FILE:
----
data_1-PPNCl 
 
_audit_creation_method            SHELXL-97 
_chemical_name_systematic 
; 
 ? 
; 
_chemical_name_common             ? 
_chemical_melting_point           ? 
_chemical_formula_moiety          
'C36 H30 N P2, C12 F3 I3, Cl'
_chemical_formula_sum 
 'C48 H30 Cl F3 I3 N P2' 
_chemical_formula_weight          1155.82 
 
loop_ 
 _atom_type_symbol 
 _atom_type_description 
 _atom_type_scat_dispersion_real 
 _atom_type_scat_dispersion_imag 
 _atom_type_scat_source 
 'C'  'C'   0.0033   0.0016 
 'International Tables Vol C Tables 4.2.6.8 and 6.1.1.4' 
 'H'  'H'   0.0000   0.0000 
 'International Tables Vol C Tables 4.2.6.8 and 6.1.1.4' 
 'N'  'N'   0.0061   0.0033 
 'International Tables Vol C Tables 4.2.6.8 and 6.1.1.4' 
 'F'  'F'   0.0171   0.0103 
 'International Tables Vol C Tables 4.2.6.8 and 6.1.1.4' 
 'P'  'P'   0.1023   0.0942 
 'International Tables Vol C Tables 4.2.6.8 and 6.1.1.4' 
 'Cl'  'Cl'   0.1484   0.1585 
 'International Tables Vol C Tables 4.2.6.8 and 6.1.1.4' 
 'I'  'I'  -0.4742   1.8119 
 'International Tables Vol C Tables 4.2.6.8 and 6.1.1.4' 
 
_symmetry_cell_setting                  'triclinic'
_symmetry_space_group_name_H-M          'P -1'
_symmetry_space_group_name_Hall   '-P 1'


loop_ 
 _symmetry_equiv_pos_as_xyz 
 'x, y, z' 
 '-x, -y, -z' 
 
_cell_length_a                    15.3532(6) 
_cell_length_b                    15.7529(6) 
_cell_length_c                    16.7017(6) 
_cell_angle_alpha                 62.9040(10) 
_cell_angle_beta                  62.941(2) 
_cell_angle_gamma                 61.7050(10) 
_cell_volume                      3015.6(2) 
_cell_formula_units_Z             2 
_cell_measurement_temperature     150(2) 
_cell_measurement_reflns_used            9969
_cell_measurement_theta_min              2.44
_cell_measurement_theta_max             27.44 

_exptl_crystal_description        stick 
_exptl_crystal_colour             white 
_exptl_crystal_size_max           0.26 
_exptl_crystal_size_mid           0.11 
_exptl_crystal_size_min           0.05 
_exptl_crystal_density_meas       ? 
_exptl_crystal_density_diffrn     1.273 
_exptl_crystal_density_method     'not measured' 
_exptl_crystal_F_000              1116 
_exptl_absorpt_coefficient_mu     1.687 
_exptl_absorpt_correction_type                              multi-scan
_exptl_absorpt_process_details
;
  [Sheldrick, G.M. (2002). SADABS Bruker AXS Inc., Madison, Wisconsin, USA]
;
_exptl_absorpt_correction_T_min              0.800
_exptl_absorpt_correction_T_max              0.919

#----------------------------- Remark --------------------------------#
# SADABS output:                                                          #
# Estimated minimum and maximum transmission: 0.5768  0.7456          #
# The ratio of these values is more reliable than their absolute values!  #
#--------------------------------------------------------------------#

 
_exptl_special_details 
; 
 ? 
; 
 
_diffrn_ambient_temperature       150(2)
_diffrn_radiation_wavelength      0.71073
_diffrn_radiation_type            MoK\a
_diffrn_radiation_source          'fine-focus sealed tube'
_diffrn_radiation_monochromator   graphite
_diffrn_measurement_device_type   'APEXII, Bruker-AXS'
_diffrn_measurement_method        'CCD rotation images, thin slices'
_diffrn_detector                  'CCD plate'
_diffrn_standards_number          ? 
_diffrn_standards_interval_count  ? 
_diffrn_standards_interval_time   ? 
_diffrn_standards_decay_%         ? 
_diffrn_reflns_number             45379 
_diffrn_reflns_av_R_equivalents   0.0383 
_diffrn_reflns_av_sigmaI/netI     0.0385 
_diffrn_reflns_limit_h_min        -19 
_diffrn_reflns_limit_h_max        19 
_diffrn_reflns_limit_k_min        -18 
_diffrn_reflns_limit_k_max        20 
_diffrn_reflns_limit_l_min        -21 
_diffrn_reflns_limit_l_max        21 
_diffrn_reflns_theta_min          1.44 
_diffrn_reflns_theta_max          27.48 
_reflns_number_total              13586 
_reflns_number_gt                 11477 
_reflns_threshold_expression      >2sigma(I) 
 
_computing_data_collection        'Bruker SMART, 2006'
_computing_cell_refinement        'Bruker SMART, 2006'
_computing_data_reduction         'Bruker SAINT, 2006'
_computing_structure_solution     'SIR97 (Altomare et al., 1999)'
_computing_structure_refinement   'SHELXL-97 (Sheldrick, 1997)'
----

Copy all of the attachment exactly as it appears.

data_1-PPNCl 
 
_audit_creation_method            SHELXL-97 
_chemical_name_systematic 
; 
 ? 
; 
_chemical_name_common             ? 
_chemical_melting_point           ? 
_chemical_formula_moiety          
'C36 H30 N P2, C12 F3 I3, Cl'
_chemical_formula_sum 
 'C48 H30 Cl F3 I3 N P2' 
_chemical_formula_weight          1155.82 
 
loop_ 
 _atom_type_symbol 
 _atom_type_description 
 _atom_type_scat_dispersion_real 
 _atom_type_scat_dispersion_imag 
 _atom_type_scat_source 
 'C'  'C'   0.0033   0.0016 
 'International Tables Vol C Tables 4.2.6.8 and 6.1.1.4' 
 'H'  'H'   0.0000   0.0000 
 'International Tables Vol C Tables 4.2.6.8 and 6.1.1.4' 
 'N'  'N'   0.0061   0.0033 
 'International Tables Vol C Tables 4.2.6.8 and 6.1.1.4' 
 'F'  'F'   0.0171   0.0103 
 'International Tables Vol C Tables 4.2.6.8 and 6.1.1.4' 
 'P'  'P'   0.1023   0.0942 
 'International Tables Vol C Tables 4.2.6.8 and 6.1.1.4' 
 'Cl'  'Cl'   0.1484   0.1585 
 'International Tables Vol C Tables 4.2.6.8 and 6.1.1.4' 
 'I'  'I'  -0.4742   1.8119 
 'International Tables Vol C Tables 4.2.6.8 and 6.1.1.4' 
 
_symmetry_cell_setting                  'triclinic'
_symmetry_space_group_name_H-M          'P -1'
_symmetry_space_group_name_Hall   '-P 1'


loop_ 
 _symmetry_equiv_pos_as_xyz 
 'x, y, z' 
 '-x, -y, -z' 
 
_cell_length_a                    15.3532(6) 
_cell_length_b                    15.7529(6) 
_cell_length_c                    16.7017(6) 
_cell_angle_alpha                 62.9040(10) 
_cell_angle_beta                  62.941(2) 
_cell_angle_gamma                 61.7050(10) 
_cell_volume                      3015.6(2) 
_cell_formula_units_Z             2 
_cell_measurement_temperature     150(2) 
_cell_measurement_reflns_used            9969
_cell_measurement_theta_min              2.44
_cell_measurement_theta_max             27.44 

_exptl_crystal_description        stick 
_exptl_crystal_colour             white 
_exptl_crystal_size_max           0.26 
_exptl_crystal_size_mid           0.11 
_exptl_crystal_size_min           0.05 
_exptl_crystal_density_meas       ? 
_exptl_crystal_density_diffrn     1.273 
_exptl_crystal_density_method     'not measured' 
_exptl_crystal_F_000              1116 
_exptl_absorpt_coefficient_mu     1.687 
_exptl_absorpt_correction_type                              multi-scan
_exptl_absorpt_process_details
;
  [Sheldrick, G.M. (2002). SADABS Bruker AXS Inc., Madison, Wisconsin, USA]
;
_exptl_absorpt_correction_T_min              0.800
_exptl_absorpt_correction_T_max              0.919

#----------------------------- Remark --------------------------------#
# SADABS output:                                                          #
# Estimated minimum and maximum transmission: 0.5768  0.7456          #
# The ratio of these values is more reliable than their absolute values!  #
#--------------------------------------------------------------------#

 
_exptl_special_details 
; 
 ? 
; 
 
_diffrn_ambient_temperature       150(2)
_diffrn_radiation_wavelength      0.71073
_diffrn_radiation_type            MoK\a
_diffrn_radiation_source          'fine-focus sealed tube'
_diffrn_radiation_monochromator   graphite
_diffrn_measurement_device_type   'APEXII, Bruker-AXS'
_diffrn_measurement_method        'CCD rotation images, thin slices'
_diffrn_detector                  'CCD plate'
_diffrn_standards_number          ? 
_diffrn_standards_interval_count  ? 
_diffrn_standards_interval_time   ? 
_diffrn_standards_decay_%         ? 
_diffrn_reflns_number             45379 
_diffrn_reflns_av_R_equivalents   0.0383 
_diffrn_reflns_av_sigmaI/netI     0.0385 
_diffrn_reflns_limit_h_min        -19 
_diffrn_reflns_limit_h_max        19 
_diffrn_reflns_limit_k_min        -18 
_diffrn_reflns_limit_k_max        20 
_diffrn_reflns_limit_l_min        -21 
_diffrn_reflns_limit_l_max        21 
_diffrn_reflns_theta_min          1.44 
_diffrn_reflns_theta_max          27.48 
_reflns_number_total              13586 
_reflns_number_gt                 11477 
_reflns_threshold_expression      >2sigma(I) 
 
_computing_data_collection        'Bruker SMART, 2006'
_computing_cell_refinement        'Bruker SMART, 2006'
_computing_data_reduction         'Bruker SAINT, 2006'
_computing_structure_solution     'SIR97 (Altomare et al., 1999)'
_computing_structure_refinement   'SHELXL-97 (Sheldrick, 1997)'